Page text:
23 have it clarified. Perhaps you can meet with counsel and sort it out with

24 the help of the court deputy.

25 MS. MARCUS: Sure. This is -- sorry, just to clarify,

Page 1085

1 Mr. President. This document is one of the medical records that was

2 reviewed by Dr. Nakas. It is contained in the spreadsheet. May I proceed

3 to question the doctor in relation to this document as an example of the

4 hospital records that he authenticated?


6 MS. MARCUS: Okay. Thank you.

7 Can I confirm that the English speakers have an English copy?

8 Q. Dr. Nakas, could you please tell us what this document is.

9 A. This is an extract, an excerpt from a protocol, a post-mortem of

10 Divovic Nermin. The date is the 18th of November, 1994. It was signed by

11 the Chief of the Forensic Medicine Institute, Assistant Dr. Ilijas Dobrac.

12 Q. Can you tell the Court the diagnosis of the injury?

13 A. The diagnosis stated here is about a wound, an entry and exit

14 wound, inflicted by a firearm to the head.

15 Q. Does the document indicate the location of the entry and exit

16 wounds?

17 A. Yes. The diagnosis is followed by this specification: The entry

18 of the bullet was on the right cheek, and the exit point was on the

19 left-hand side of the nape of the patient's or the deceased's neck.

20 Q. Thank you.

21 MS. MARCUS: I'd now request the court officer to pull up another

22 page in that same 65 ter number. The ERN I have is RR251208. I have a

23 hard copy for the ELMO, in case of need for everybody, of the English.

24 Can I request that the English version be placed on the ELMO. Can I note

25 that the English is on the second page. The English version of this page

Page 1086

1 is the second page of the English -- yes, thank you.

2 Q. Doctor, can you tell us what this document is?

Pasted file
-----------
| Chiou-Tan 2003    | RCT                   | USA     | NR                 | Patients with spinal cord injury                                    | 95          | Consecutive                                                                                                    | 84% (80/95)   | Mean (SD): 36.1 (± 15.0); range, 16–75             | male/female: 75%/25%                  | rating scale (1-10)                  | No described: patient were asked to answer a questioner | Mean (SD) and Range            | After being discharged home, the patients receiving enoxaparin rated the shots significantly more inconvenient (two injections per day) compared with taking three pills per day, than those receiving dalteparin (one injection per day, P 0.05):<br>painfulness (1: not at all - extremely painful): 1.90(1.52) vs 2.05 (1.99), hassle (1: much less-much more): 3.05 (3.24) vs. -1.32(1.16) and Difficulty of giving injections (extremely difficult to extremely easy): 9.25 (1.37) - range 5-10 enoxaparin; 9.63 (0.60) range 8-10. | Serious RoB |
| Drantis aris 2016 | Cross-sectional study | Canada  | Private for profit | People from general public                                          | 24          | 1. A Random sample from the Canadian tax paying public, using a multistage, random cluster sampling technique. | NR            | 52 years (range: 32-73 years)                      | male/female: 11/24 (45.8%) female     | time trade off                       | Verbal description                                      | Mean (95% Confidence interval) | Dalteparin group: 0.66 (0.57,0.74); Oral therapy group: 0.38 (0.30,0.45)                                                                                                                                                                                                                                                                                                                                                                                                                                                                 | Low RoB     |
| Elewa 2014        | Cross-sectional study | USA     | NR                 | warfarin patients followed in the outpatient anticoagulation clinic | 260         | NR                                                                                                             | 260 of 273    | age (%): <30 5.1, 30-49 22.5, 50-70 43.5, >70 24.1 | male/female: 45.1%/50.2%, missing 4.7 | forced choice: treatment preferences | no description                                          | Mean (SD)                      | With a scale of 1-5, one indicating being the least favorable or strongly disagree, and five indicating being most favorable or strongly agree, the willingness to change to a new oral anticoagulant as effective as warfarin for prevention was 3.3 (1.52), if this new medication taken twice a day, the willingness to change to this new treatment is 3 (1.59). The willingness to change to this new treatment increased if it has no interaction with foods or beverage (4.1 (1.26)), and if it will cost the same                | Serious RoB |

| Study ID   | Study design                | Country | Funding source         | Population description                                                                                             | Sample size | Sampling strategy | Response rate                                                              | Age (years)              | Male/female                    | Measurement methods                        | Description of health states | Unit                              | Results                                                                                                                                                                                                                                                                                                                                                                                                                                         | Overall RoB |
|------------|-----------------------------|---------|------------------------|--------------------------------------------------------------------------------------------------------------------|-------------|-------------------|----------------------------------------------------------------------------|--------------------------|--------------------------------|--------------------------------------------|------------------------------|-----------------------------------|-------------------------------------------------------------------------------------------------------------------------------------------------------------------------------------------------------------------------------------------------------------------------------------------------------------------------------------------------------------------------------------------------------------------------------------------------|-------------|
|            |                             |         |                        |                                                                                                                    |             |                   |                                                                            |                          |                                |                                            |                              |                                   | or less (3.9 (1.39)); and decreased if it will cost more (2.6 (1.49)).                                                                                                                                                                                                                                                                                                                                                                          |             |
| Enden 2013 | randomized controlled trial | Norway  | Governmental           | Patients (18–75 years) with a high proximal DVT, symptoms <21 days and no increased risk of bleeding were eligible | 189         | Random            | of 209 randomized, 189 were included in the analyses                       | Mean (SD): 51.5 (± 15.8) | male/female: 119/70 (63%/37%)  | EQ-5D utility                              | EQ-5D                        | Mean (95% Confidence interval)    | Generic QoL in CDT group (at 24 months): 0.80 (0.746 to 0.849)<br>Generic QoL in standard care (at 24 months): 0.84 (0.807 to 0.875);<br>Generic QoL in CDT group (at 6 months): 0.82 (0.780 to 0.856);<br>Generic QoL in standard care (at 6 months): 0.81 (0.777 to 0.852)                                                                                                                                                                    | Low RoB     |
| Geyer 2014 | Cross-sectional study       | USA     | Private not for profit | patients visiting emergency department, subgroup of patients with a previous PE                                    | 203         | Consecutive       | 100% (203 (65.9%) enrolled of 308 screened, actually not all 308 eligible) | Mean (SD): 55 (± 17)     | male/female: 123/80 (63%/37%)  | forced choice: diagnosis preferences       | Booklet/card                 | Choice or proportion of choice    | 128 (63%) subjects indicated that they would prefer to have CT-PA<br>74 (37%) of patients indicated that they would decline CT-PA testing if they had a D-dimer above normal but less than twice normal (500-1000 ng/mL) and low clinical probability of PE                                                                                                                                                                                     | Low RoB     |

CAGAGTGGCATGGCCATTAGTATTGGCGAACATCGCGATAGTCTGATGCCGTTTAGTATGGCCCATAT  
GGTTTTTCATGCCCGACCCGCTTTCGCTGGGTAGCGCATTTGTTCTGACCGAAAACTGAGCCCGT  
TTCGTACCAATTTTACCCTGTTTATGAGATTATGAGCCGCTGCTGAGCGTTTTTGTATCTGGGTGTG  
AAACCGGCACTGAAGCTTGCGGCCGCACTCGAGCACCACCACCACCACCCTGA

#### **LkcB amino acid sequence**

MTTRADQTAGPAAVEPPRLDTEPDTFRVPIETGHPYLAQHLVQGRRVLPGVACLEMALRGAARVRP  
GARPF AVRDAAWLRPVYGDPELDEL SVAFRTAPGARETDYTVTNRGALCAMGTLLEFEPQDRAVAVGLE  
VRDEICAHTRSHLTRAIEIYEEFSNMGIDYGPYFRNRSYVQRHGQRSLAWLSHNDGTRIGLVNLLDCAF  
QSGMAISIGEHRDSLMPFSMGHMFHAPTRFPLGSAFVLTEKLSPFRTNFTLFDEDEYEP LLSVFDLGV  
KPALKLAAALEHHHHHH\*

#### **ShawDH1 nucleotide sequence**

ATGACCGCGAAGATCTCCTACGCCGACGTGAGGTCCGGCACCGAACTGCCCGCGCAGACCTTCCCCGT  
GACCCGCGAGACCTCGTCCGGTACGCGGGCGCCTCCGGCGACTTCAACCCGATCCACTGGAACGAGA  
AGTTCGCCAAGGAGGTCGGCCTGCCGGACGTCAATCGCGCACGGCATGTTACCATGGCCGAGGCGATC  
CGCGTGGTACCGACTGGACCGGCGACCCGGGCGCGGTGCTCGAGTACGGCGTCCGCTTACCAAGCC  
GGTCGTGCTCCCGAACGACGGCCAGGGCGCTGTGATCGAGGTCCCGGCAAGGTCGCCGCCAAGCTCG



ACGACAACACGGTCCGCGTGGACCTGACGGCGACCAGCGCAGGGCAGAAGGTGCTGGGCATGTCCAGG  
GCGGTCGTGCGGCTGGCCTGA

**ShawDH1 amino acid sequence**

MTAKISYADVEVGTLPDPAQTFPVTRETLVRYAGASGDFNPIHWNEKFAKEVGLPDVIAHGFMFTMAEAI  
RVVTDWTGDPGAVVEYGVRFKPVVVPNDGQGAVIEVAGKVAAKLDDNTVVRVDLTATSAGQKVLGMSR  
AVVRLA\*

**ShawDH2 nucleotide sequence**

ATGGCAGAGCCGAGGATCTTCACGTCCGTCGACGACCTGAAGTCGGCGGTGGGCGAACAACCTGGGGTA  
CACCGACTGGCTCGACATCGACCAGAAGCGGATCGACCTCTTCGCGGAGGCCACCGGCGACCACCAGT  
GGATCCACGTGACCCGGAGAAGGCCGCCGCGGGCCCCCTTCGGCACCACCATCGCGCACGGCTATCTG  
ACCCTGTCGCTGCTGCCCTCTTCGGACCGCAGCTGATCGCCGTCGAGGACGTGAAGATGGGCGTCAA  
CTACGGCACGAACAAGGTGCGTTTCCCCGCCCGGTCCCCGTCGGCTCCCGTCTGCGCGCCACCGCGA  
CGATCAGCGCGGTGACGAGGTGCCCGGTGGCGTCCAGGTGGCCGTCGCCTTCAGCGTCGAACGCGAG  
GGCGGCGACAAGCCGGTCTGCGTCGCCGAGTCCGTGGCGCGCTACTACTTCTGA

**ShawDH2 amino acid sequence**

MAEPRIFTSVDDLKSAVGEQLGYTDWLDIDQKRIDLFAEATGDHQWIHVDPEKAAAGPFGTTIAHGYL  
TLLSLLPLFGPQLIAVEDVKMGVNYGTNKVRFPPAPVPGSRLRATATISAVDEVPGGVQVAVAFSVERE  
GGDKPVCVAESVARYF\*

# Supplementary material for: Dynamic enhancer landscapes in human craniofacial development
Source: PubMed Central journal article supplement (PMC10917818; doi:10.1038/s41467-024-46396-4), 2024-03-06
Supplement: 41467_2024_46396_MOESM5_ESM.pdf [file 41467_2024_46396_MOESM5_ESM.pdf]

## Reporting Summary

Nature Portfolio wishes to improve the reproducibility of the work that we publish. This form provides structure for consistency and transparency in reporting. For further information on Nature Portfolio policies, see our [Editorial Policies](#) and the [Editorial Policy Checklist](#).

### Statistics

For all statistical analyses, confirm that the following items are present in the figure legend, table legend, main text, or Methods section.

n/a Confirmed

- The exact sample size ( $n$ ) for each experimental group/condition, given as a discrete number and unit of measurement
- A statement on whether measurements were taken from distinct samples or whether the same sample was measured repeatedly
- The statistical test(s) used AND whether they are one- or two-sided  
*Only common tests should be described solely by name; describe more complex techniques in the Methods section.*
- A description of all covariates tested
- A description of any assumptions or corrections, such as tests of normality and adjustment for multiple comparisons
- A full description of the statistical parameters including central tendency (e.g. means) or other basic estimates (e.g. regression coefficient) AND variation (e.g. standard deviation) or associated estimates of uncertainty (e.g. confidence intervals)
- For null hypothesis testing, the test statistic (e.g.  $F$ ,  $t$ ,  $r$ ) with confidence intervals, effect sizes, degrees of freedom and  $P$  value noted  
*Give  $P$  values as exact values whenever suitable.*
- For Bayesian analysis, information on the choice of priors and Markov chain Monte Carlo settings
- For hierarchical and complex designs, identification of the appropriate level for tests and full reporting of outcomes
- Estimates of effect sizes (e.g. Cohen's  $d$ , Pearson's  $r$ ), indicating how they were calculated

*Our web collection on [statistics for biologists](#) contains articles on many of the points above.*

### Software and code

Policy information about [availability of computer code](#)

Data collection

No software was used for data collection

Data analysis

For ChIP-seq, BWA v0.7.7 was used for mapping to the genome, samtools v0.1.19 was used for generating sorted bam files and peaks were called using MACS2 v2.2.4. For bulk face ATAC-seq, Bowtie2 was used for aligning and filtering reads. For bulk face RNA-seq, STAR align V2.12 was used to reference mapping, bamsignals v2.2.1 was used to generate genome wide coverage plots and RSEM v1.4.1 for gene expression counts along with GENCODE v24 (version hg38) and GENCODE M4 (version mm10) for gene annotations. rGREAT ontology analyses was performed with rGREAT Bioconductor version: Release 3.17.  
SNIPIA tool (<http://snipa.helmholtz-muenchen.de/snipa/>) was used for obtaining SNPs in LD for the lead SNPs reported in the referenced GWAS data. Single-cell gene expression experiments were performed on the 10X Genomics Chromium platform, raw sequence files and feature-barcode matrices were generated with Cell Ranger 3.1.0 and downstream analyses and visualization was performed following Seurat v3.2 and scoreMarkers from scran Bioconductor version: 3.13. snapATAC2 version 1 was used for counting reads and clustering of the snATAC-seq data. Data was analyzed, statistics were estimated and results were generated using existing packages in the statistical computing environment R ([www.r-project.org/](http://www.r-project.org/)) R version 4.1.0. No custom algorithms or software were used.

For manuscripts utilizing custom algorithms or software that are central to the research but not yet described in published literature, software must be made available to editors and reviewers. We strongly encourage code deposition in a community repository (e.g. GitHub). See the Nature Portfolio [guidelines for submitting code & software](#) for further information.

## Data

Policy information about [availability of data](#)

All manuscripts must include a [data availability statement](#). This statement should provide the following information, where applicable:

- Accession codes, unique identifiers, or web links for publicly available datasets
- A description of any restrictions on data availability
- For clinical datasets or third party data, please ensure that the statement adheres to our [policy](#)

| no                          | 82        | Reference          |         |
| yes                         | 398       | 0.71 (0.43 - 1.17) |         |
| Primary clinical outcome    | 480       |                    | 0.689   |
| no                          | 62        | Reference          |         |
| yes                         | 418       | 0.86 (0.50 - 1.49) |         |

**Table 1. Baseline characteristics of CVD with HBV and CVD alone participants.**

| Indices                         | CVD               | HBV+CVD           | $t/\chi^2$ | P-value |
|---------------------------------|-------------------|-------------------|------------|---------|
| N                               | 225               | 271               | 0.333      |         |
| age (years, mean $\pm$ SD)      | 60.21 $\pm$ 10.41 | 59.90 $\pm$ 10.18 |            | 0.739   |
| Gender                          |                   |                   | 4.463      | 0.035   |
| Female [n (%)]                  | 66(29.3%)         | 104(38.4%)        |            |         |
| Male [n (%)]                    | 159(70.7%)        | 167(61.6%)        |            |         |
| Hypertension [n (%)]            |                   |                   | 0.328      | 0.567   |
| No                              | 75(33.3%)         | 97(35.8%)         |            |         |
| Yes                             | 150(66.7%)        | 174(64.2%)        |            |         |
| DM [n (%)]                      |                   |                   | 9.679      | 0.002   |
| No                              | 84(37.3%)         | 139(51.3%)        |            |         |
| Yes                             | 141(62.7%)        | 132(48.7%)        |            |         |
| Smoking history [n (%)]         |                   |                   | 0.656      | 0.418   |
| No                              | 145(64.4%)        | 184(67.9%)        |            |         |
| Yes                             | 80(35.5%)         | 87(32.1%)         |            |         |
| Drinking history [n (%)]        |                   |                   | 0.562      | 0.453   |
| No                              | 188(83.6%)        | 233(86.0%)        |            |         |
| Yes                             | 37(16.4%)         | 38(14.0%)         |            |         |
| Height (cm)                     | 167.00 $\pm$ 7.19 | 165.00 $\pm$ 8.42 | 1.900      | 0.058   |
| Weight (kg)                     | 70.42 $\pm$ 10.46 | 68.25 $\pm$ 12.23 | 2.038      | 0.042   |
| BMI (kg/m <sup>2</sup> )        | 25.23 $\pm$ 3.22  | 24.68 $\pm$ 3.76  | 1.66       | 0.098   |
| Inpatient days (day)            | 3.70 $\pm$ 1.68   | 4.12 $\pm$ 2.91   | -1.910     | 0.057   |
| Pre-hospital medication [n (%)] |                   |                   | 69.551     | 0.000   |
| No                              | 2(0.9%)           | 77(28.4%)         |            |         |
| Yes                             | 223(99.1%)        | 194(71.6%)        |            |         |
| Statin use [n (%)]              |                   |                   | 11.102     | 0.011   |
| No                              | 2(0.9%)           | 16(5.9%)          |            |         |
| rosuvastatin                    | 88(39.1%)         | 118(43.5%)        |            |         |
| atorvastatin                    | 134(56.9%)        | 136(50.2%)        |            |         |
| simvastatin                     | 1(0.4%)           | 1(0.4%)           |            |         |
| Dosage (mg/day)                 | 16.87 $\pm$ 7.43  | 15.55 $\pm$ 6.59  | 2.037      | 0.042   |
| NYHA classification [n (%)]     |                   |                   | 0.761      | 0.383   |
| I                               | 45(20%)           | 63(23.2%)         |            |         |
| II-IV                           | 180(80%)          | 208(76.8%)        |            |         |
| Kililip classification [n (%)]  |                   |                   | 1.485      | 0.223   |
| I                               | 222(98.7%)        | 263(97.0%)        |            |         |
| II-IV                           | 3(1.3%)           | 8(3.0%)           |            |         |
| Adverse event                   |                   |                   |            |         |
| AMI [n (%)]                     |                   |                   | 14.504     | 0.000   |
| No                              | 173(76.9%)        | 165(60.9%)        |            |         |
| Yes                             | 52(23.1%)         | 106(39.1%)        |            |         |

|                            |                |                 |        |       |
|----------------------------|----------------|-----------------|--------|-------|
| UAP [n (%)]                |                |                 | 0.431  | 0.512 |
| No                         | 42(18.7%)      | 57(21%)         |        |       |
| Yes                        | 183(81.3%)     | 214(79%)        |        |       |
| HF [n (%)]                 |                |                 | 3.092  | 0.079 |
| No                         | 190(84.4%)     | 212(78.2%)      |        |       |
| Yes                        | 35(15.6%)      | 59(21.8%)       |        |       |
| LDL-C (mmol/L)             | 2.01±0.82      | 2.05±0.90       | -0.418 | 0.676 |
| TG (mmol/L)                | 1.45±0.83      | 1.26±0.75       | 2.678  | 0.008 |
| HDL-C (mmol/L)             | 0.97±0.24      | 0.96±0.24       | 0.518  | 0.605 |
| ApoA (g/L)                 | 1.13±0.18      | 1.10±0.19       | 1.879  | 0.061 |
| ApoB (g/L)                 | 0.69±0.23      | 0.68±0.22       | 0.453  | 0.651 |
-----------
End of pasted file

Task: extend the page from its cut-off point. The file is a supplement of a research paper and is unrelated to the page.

3 A. This is a case history from the University Medical Centre Sarajevo

4 produced by the abdominal surgery ward of that hospital. The file is in

5 relation to patient Dzenana Sokolovic.

6 Q. Can you tell from this document what the date of admission was?

7 A. This patient was admitted on the 18th of November, 1994, to the

8 University Medical Centre.

9 Q. Can you tell us a bit about the injuries sustained by this

10 patient, please.

11 A. The diagnosis stated here indicates that this was a gunshot wound

12 to the front abdominal wall, and it was inflicted by a firearm.

13 Q. Thank you.

14 MS. MARCUS: Now, turning to the next page in B/C/S -- in both

15 B/C/S and English. The next page, please. Okay.

16 Q. Doctor, can you tell us what this page refers to?

17 A. This page is the other page from the case history. We see

18 anamnesis. There was an interview that was conducted with the patient,

19 and the finding relating to the patient's health upon admission.

20 Q. Could you please read to us the finding under anamnesis?

21 A. "Patient admitted to the clinic after sustaining an injury by a

22 sniper," and then there's a word that's illegible, "in the area." A

23 sniper shot a bullet I think in the museum area at about 1300 hours.

24 It's a little difficult to read this portion because the copy's

25 very poor.

Page 1087

1 MS. MARCUS: Can I request the court officer to scroll down a bit

2 further down on the page. Thank you.

3 Q. A bit further down, Doctor, there is something relating to the

4 entry and exit wounds. Can you see that line, and could you read that out